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Bradford protein assay




The Bradford Protein Assay, also known as the Bio-Rad assay, is a spectroscopic analytical procedure used to measure the concentration of protein in a solution.

Additional recommended knowledge

Contents

Principle

The Bradford assay, a colorimetric protein assay, is based on an absorbance shift in the dye Coomassie when the previously red form commassie reagent changed and stabilized into coomassie blue by the binding of protein. Two types of bond interaction take place here, the red form of coomassie dye first donates its free proton to the ionizable groups on protein, which causes a disrupture of protein's native state, and consequently exposes its hydrophobic pockets. The exposed hydrophobic pockets on the protein chain will bind non-covalently to the non-polar region of the dye via van der Waals force, this will position the positive amine groups to proximity with the negative charge of dye, and the bond is further strengthened by the ionic interaction between the two. Binding of the protein stablized the blue form of coomassie dye, and the amount of the complex present in solution is a measure for the protein concentration by use of absorbance reading.

The (bound) form of the dye has an absorption spectrum maximum historically held to be at 595 nm. The anionic (unbound) forms are green and red. The increase of absorbance at 595 nm is proportional to the amount of bound dye, and thus to the amount (concentration) of protein present in the sample.

Unlike other protein assays, the Bradford protein assay is less susceptible to interference by various chemicals that may be present in protein samples. An exception of note is elevated concentrations of detergent. Common detergent such as SDS, could be found in protein extracts because it is used in lysing cells by disrupting its membrane lipid bilayer. While other detergents interfere with the assay at high concentration, interference caused by SDS is of two different modes, and each occurred at a different concentration; for SDS concentration below critical micelle concentration (known as CDC, 0.00333%W/V to 0.0667%) in a coomassie dy solution, it tends to bind well with protein and pre-emptying the protein binding sites for dye reagent, which caused an underestimation of protein concentration in solution. For SDS concentration higher CMC, it associated strongly with the green form of coomassie dye, and causes the equilibrium to shift in producing more of the green form, which will increase the absorbance at 595nm independet of protein presence. Other interference may come from the buffer used when preparing the protein sample. High concentration of buffer will cause an overestimated protein concentration due to depletion of free protons from the solution by conjugate base from buffer. This will not be a problem if low concentration of protein (subsequently the buffer) is used.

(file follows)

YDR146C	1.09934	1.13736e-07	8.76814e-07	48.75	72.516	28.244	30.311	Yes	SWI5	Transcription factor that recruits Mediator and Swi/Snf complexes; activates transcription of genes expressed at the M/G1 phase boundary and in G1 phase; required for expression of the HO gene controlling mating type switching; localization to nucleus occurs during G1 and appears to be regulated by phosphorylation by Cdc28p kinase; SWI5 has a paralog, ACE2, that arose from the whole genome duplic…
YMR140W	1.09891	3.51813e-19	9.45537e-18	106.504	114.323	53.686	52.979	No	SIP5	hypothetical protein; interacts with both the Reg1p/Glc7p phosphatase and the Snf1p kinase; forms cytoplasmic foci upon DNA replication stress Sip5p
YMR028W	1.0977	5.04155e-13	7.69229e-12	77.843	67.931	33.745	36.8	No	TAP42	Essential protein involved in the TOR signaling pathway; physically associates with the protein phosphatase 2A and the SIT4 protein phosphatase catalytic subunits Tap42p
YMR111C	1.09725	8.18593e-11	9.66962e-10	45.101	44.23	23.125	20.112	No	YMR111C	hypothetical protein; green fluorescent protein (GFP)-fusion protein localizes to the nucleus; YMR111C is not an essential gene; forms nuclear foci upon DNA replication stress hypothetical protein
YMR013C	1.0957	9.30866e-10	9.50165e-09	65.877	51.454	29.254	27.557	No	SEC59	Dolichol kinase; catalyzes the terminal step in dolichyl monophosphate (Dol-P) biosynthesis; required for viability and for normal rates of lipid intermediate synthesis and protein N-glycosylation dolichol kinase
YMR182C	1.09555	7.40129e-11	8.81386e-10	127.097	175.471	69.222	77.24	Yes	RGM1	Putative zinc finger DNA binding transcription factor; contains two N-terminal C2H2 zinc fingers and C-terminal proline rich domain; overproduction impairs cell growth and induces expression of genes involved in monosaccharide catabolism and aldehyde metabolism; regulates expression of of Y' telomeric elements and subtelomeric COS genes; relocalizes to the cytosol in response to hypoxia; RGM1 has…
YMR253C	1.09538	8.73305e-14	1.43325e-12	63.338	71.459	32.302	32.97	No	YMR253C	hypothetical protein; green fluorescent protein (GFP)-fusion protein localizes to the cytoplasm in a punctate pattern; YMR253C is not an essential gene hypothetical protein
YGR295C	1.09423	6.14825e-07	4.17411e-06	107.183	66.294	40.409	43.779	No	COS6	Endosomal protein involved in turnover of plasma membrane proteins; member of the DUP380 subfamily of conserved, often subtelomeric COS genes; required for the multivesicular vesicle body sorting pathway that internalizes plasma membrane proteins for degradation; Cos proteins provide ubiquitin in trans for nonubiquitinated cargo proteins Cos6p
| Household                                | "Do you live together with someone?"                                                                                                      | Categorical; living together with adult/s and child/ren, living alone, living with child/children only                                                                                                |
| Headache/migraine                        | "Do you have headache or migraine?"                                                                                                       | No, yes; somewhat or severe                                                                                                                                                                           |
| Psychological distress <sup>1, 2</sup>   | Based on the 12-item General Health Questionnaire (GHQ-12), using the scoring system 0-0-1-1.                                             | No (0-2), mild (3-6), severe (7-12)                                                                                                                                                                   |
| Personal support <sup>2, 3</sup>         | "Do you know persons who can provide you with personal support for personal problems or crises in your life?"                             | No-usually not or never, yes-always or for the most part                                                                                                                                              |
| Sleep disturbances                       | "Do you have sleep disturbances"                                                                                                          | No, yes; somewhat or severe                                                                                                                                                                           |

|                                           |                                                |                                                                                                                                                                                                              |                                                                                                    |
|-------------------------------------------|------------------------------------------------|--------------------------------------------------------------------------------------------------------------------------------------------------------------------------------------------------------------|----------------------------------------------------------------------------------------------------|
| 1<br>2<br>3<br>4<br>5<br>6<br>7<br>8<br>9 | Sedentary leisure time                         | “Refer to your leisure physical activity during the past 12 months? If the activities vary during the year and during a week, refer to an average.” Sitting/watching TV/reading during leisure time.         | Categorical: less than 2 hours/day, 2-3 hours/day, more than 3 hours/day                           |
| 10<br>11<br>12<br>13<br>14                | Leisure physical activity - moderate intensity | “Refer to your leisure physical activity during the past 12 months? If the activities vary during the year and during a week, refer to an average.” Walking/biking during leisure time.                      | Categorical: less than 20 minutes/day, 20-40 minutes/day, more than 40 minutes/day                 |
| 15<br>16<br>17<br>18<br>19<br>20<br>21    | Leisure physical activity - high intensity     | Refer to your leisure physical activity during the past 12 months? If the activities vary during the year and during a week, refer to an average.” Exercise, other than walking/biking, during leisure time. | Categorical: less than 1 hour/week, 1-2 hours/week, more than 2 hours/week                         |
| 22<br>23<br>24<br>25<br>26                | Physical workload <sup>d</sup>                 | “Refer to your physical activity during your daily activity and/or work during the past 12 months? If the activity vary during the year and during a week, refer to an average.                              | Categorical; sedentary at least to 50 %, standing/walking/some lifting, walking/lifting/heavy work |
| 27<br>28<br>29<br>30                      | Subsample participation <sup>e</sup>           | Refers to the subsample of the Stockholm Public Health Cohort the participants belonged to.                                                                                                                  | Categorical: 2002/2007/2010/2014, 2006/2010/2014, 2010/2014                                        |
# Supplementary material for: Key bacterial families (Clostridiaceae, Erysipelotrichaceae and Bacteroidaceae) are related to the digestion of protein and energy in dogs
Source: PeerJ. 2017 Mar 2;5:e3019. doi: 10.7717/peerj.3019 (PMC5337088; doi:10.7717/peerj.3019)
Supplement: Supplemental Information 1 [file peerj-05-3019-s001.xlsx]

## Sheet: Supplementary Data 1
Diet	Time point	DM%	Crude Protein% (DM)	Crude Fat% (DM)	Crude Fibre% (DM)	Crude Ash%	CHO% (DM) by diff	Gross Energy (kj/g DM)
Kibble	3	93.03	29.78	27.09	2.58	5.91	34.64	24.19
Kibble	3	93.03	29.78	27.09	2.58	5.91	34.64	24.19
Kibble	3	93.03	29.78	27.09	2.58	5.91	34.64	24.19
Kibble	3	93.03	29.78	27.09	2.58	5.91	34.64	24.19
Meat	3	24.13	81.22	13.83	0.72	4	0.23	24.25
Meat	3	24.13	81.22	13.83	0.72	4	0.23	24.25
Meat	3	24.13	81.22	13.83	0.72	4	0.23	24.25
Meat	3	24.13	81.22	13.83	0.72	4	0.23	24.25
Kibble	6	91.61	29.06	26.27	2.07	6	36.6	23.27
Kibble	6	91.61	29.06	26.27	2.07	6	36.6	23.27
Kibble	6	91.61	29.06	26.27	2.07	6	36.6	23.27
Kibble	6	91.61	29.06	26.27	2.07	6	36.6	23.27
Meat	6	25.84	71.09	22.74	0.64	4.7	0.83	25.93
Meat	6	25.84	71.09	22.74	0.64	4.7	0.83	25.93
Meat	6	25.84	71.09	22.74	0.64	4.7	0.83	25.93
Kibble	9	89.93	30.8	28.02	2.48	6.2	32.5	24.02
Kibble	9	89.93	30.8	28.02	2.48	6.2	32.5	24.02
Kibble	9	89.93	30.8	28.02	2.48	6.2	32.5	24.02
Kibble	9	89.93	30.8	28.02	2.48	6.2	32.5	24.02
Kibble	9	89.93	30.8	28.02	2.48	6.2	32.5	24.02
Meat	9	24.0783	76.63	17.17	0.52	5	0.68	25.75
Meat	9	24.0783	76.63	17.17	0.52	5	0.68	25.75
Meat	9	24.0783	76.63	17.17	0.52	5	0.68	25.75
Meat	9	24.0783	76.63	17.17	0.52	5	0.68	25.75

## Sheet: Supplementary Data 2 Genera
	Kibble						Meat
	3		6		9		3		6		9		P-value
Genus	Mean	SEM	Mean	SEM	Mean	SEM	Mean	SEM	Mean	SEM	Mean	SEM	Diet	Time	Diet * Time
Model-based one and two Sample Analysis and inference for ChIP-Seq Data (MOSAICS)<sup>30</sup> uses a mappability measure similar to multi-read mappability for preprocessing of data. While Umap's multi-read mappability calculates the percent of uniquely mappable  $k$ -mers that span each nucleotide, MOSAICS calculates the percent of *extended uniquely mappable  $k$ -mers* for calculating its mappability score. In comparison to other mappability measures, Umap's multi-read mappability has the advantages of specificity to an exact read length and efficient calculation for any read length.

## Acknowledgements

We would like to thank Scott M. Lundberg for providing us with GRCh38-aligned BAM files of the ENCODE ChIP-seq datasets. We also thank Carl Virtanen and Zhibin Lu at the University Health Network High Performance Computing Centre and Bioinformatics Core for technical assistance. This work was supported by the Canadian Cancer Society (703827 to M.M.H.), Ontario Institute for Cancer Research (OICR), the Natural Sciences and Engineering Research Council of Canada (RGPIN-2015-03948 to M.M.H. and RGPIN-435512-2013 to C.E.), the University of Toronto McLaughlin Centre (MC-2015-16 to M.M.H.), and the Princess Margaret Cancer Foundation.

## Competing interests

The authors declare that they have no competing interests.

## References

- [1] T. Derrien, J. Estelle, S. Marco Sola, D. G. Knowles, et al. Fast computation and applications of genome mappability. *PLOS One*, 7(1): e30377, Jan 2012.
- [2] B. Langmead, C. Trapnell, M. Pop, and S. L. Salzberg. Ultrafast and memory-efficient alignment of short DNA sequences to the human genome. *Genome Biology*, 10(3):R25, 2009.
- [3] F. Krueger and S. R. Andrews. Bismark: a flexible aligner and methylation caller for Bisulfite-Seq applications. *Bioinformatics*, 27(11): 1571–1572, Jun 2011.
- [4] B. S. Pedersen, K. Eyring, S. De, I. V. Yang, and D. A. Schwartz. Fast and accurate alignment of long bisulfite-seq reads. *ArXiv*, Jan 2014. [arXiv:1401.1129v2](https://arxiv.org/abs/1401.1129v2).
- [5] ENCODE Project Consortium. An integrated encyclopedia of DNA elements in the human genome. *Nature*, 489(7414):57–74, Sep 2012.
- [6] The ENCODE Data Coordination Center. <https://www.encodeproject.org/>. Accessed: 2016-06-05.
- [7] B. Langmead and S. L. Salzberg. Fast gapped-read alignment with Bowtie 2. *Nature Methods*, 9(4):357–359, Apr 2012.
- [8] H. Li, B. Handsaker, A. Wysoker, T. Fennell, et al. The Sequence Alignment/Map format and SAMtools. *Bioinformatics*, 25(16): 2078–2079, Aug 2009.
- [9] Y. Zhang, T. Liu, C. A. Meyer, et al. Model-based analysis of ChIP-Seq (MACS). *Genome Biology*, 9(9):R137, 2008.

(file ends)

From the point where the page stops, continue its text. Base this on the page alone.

Disadvantages

The Bradford assay is linear over a short range, typically from 2ug/ml to 120ug/ml, often making dilutions of a tissue sample necessary before analysis.

Because the Bradford assay essentially measures the amount of arginine and hydrophobic amino acid residues, the amino acid composition can alter the concentration-absorbance curve depending on the percentage of arginine or hydrophobic amino acids in each protein. It is therefore necessary to use a standard (e.g. BSA-- Bovine Serum Albumin) whose protein closely matches the measured protein in composition, but systematic error(different amino acid composition for all proteins) should be taken into account when performing the assay.

Modified Bradford procedure

Much of the non linearity stems from the equilibrium between two different forms of the dye which is perturbed by adding the protein. The nonlinearity issue of the Bradford assay may be solved by measuring the ratio of OD at 595 to 450 nm. This modified Bradford assay is approximately 10 times more sensitive and stable than the conventional one.

Alternative assays

Alternative protein assays include

The assay kit provided by SIGMA is linear for concentrations up to 1.4mg/ml

References

  • Bradford, M. M. (1976) A Rapid and Sensitive Method for the Quantitation of Microgram Quantities of Protein Utilizing the Principle of Protein-Dye Binding. Anal. Biochem. 72:248-254.
  • Zor, T. and Selinger, Z (1995) Linearization of the Bradford protein assay increases its sensitivity: theoretical and experimental studies. Anal. Biochem. 236:302-8


 
This article is licensed under the GNU Free Documentation License. It uses material from the Wikipedia article "Bradford_protein_assay". A list of authors is available in Wikipedia.
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